swaps can also be based on commodity prices or equity values. Similar to forwards

and futures, swaps do not involve a payment by either party went the transaction is


The final basic tool of financial risk management is an option. An option provides

the right, but not the obligation, to engage in a financial transaction at a predetermined

price in the future. The owner of the option has the choice about consummating the

transaction. The seller of the option is required to fulfill the contract if the buyer

chooses. Since an option represents one sided risk, there is an initial cost to

purchasing an option, which is termed the option premium. Options can be based on

equities, bonds, interest rates, commodities, foreign exchange rates, or any other

financial variable. A call option provides the right to buy the underlying asset at the

predetermined price; a put option provides the right to sell the underlying asset.

Although all options have these general characteristics, many specialized forms of

options have been generated to produce a wide variety of different payoffs.

Introduction of Financial Risk Management

Forwards, futures and options had all been traded based on non-financial assets

long before they were adapted to deal with financial risk. Swaps were not introduced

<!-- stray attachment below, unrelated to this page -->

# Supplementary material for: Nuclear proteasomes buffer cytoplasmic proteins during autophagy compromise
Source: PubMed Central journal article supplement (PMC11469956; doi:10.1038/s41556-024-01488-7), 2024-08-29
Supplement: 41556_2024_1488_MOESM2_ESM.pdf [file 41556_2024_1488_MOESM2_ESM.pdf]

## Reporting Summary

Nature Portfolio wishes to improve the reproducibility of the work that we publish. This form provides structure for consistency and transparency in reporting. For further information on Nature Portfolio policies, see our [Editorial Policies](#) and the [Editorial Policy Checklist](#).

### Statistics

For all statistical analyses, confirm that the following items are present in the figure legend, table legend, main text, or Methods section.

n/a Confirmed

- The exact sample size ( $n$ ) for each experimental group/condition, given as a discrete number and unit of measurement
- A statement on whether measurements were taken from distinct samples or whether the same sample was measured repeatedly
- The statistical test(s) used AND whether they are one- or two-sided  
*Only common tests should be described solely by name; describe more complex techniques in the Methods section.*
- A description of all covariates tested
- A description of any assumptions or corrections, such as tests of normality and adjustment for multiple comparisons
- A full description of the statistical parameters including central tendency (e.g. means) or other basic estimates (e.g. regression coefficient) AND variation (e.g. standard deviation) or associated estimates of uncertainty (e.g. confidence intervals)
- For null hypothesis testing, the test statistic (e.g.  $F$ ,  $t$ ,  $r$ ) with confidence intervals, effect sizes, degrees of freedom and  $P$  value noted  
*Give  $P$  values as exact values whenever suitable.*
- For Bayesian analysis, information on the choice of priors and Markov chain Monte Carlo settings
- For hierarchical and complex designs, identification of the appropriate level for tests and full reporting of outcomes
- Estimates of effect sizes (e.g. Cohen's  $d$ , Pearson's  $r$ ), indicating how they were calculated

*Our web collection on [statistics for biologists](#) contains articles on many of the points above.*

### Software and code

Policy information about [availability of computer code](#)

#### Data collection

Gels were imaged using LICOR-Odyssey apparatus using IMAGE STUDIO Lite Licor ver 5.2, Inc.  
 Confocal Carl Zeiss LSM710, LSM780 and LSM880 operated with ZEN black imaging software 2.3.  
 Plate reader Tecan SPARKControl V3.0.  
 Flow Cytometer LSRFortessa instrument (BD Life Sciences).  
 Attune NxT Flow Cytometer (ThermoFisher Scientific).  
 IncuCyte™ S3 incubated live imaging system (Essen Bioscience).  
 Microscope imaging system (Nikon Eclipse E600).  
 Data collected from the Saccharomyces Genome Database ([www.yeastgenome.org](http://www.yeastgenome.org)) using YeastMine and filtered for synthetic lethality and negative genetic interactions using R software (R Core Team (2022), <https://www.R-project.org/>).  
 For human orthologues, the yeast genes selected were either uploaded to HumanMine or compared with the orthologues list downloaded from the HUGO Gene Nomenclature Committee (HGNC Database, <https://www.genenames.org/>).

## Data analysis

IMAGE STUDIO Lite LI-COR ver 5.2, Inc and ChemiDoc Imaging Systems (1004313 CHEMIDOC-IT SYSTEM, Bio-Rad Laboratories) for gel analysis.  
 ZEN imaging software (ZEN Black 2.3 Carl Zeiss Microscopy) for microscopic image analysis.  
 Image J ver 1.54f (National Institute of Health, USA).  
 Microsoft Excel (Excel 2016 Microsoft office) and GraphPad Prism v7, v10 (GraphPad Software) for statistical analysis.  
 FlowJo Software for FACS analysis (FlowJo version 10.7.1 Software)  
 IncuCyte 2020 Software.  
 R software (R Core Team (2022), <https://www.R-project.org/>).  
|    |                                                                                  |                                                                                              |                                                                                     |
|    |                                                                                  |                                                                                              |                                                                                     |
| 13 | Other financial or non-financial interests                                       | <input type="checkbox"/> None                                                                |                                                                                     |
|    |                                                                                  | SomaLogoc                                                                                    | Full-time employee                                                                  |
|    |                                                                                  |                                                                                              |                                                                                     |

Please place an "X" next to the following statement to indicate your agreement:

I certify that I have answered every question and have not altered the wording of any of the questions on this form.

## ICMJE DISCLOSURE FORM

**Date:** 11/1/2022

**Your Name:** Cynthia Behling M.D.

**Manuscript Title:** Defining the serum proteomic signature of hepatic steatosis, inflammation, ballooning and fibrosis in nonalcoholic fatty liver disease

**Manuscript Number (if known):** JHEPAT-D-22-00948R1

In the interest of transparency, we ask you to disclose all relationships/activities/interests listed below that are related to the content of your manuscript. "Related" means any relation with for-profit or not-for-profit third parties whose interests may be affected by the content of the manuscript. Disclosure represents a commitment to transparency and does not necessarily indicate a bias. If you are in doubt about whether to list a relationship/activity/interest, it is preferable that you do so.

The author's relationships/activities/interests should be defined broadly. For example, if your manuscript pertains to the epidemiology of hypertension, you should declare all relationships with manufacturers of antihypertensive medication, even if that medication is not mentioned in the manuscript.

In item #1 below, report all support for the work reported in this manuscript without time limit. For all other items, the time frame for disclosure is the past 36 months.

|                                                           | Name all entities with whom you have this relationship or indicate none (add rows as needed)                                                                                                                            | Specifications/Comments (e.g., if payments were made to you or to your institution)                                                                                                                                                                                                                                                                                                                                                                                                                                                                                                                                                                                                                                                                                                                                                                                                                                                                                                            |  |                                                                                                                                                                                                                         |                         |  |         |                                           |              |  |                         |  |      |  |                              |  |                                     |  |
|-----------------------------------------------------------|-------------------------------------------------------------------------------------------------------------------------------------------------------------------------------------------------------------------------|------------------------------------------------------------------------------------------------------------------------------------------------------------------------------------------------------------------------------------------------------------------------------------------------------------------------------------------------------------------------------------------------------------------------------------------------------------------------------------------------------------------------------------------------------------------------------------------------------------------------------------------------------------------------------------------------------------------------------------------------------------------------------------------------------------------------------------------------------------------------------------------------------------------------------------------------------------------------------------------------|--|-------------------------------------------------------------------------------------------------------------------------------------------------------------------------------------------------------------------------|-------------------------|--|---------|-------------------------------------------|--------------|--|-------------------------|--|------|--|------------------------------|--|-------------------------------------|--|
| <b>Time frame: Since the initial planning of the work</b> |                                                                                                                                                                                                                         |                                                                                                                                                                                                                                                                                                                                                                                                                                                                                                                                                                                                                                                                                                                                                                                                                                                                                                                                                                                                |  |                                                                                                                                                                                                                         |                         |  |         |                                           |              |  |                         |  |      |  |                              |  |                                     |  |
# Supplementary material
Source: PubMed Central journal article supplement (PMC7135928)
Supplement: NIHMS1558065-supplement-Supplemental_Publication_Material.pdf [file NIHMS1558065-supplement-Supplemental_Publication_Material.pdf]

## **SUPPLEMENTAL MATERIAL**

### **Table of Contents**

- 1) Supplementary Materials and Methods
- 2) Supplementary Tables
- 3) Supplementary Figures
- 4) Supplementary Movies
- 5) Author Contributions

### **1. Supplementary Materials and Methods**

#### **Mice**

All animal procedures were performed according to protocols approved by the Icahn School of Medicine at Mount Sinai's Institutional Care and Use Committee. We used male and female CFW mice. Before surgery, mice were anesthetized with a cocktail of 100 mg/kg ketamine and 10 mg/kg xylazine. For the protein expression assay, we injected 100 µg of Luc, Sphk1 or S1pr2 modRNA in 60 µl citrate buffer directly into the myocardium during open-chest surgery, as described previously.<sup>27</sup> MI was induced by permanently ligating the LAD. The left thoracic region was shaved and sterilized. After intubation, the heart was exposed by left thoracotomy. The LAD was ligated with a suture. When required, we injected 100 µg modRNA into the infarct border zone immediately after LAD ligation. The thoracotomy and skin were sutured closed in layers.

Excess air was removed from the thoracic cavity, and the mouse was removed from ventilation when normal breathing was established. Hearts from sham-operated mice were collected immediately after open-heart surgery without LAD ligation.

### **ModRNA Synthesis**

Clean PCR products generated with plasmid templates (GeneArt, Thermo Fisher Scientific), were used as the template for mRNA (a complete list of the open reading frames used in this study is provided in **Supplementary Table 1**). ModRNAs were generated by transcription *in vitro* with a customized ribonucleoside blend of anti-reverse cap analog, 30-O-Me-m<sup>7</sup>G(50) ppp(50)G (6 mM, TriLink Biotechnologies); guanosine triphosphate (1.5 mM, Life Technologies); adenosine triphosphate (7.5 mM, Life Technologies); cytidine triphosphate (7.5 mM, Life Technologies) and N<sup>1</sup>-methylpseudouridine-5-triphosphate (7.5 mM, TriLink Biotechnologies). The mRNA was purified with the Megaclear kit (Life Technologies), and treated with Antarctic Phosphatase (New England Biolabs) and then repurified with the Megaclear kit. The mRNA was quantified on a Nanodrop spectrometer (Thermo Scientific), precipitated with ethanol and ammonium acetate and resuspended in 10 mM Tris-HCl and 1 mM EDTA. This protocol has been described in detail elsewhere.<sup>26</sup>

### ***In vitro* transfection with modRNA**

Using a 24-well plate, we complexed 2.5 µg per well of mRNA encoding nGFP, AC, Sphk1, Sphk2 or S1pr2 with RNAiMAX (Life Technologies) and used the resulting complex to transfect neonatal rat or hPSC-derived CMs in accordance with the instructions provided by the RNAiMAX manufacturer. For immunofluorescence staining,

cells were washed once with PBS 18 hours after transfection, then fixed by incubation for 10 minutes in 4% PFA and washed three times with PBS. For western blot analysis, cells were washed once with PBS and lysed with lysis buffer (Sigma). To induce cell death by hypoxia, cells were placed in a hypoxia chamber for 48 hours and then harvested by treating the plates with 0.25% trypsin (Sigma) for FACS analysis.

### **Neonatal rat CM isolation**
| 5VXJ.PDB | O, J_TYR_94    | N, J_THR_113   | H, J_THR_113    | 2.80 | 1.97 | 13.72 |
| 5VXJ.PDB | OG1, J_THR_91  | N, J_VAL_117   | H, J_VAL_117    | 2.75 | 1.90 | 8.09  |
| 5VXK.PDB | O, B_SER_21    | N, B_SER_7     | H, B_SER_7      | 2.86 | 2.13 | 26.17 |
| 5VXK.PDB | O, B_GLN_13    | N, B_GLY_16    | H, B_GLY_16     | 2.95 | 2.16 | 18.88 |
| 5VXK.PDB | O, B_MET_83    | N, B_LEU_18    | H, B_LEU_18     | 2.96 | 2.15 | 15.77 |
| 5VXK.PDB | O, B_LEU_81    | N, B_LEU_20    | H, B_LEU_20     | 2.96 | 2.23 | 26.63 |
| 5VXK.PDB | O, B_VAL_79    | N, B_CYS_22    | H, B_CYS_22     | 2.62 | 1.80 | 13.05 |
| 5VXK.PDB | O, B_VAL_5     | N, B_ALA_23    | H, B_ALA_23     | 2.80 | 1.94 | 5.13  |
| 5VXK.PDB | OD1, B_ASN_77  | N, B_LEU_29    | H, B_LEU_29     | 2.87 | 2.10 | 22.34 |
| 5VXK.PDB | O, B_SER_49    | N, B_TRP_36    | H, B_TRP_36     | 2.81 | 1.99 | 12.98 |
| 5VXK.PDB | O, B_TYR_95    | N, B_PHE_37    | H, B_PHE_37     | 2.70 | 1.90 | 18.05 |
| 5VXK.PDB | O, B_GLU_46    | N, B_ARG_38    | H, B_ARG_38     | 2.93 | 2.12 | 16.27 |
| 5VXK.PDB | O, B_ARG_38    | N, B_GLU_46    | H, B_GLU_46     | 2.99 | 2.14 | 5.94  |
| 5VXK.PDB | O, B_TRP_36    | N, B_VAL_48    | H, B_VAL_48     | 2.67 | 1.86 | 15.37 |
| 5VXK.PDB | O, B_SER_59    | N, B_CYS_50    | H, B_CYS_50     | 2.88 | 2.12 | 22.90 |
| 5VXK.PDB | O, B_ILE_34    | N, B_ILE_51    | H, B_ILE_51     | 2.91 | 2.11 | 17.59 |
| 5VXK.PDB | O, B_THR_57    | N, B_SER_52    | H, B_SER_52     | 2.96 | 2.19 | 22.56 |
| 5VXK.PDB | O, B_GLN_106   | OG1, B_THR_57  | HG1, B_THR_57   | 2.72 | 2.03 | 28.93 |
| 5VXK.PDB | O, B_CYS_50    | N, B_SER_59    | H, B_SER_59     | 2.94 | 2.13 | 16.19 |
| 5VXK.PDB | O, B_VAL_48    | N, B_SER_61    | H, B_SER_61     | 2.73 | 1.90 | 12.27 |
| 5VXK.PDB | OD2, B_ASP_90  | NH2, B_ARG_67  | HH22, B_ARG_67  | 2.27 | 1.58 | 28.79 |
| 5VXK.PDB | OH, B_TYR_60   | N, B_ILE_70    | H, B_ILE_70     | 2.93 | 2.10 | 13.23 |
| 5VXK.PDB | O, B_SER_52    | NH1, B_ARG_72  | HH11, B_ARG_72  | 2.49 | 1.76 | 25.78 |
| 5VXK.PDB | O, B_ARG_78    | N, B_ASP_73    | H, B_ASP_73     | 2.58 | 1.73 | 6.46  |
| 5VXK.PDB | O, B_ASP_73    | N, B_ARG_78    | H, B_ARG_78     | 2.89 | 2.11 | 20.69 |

until 1981, when the first currency swap was announced (Smithson, 1998). However, it

did not take long after financial risk began to affect institutions for a wide array of

financial risk management products to be generated to help corporations deal with

financial risk. Foreign exchange futures were first offered in May, 1972. Interest rate

futures began trading in October, 1975. Options on U.S. Treasury bonds were

introduced in October, 1982. Options on foreign exchange rates were introduced in

December, 1982. Additional futures, swaps and options, as well as combination

products, quickly followed. These tools allowed financial institutions and other

corporations to manage financial risk in the much the same fashion that they used for

pure risks.

Unfortunately, these tools were not always used wisely or effectively. Since

financial risk management was generally not handled by the traditional risk

management department, many of the standards for managing risk were not followed in